• your physical health – including your past medical history, such as diseases, illnesses, surgeries, immunisations and current physical status, which will include your diet and exercise regime. This would be a good time for the medical practitioner to check your blood pressure, temperature, heart rate/rhythm, oxygen saturation and respiratory rate
  • your mental health – any mental illnesses or issues and their treatments 
  • medications you are currently on, including vitamins and supplements
  • past reactions to medications
  • any allergies you have.
  • As a result of this discussion, your medical practitioner will be able to assess the risks and possible complications of the surgery for you. They will also be able to tell you what preparations you will need to make to ensure your recovery from surgery is as smooth as possible.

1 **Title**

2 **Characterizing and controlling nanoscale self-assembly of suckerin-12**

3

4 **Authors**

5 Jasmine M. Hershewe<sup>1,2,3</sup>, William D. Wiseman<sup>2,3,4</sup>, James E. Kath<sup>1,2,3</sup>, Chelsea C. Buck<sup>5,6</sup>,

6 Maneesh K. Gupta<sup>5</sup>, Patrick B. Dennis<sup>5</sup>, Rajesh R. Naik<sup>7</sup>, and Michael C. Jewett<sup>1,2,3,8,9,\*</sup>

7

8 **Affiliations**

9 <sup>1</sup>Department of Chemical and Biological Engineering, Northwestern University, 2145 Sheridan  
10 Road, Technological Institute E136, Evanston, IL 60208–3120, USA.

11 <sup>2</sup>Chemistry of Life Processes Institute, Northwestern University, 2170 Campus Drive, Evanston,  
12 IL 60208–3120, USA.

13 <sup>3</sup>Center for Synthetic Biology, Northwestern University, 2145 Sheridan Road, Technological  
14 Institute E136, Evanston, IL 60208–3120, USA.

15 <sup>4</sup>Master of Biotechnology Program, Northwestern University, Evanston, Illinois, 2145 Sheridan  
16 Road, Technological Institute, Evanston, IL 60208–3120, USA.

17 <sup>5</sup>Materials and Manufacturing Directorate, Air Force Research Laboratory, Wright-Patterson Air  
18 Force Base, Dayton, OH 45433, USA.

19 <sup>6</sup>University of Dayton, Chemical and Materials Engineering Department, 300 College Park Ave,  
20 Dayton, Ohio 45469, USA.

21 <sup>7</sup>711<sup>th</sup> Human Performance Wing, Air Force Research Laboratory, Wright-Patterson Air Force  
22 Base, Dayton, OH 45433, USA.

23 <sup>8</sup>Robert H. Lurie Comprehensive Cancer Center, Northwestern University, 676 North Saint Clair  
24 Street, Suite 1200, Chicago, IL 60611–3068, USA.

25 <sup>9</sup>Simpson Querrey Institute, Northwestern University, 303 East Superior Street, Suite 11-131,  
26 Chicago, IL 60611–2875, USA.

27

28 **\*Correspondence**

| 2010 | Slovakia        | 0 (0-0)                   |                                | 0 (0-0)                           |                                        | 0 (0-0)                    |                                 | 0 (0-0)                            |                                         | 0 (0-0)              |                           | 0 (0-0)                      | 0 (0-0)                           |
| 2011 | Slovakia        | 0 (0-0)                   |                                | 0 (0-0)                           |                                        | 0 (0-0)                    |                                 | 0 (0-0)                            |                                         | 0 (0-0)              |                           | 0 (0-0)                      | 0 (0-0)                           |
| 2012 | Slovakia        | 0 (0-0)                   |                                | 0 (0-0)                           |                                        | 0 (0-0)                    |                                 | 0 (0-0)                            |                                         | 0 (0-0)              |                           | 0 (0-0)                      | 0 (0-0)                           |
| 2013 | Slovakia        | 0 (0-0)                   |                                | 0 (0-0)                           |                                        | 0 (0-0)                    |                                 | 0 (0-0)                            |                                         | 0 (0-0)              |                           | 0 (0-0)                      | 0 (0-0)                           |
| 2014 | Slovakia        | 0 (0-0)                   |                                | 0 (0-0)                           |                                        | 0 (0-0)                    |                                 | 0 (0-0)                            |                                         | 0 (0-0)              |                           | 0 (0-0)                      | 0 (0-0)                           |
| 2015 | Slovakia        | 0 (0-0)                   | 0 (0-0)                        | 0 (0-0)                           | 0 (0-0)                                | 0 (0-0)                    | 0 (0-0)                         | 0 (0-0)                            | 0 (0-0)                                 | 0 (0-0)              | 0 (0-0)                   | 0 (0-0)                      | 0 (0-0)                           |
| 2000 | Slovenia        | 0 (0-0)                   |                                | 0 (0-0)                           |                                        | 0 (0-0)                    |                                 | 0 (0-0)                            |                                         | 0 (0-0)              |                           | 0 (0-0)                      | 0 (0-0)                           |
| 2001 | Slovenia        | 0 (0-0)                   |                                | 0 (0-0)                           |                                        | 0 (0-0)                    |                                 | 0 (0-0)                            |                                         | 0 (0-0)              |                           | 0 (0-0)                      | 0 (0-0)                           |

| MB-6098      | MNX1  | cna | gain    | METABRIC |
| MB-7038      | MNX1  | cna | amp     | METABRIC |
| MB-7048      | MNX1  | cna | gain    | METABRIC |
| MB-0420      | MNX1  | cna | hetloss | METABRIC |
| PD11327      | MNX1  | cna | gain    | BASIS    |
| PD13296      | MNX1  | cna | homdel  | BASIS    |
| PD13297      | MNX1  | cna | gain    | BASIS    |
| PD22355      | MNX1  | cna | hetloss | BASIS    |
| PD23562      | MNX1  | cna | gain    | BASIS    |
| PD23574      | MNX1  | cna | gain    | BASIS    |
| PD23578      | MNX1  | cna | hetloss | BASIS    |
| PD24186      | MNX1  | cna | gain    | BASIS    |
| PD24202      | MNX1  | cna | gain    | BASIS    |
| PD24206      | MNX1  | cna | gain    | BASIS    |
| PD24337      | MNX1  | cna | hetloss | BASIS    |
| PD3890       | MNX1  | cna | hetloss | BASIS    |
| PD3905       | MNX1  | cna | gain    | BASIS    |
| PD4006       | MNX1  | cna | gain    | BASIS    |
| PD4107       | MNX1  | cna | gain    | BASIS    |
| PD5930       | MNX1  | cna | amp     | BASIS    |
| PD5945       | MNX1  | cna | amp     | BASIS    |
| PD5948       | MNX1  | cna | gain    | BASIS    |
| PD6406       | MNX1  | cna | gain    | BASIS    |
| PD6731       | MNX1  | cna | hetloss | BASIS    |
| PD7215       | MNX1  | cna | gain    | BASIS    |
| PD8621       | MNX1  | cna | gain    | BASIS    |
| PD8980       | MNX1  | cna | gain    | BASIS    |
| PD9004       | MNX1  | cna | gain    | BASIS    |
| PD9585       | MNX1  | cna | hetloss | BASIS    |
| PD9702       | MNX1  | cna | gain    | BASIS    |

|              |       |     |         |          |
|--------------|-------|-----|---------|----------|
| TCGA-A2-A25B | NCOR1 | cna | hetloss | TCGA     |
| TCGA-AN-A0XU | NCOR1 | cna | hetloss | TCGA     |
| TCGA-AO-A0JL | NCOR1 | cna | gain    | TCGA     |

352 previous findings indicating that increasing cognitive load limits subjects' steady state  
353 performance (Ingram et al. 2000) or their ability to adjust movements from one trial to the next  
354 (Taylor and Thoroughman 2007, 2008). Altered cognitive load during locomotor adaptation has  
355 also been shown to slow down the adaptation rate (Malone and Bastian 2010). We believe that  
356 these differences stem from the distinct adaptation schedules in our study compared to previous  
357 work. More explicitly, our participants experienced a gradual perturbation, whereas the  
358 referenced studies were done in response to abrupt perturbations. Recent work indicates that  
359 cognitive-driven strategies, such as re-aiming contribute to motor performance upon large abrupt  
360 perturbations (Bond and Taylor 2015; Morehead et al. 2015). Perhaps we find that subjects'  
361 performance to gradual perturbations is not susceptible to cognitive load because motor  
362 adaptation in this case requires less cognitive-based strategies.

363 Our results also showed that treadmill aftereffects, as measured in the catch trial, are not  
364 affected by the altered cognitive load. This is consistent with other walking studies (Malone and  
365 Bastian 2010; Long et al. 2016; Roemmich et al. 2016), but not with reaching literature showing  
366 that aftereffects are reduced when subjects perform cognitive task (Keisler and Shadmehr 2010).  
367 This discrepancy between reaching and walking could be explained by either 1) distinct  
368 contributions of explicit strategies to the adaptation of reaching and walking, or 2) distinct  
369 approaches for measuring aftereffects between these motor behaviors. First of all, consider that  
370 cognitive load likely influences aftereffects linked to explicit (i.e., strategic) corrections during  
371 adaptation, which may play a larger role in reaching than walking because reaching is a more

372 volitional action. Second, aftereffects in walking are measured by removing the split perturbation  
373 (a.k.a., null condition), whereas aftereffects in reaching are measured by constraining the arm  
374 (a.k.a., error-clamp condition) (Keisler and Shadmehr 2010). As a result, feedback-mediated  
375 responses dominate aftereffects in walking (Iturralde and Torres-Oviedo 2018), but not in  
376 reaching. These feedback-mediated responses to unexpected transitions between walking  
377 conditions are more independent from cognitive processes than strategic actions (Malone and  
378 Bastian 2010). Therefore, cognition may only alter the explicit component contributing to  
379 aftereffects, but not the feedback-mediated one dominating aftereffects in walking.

Facelift – what happens during surgery

All surgery, including otoplasty, must be performed within licensed and accredited facilities. A registered anaesthetist must be present to treat you for any adverse reaction you may have to the anaesthetic. You can check if your anaesthetist is registered by searching on the AHPRA website

Facelift surgery is usually performed under a general anaesthetic. The length of the operation will depend on the type and extent of the surgery but could take anywhere from two to four hours.

The three main types of facelift include:

  • traditional facelift surgery – the medical practitioner makes an incision (cut) in the hairline from the temple, around and behind the ear, and back into the hairline. The skin is lifted away from the underlying tissues. Muscles are tightened and fat is removed. The medical practitioner pulls the skin up and back towards the scalp, removes any excess then stitches or staples the skin into its new position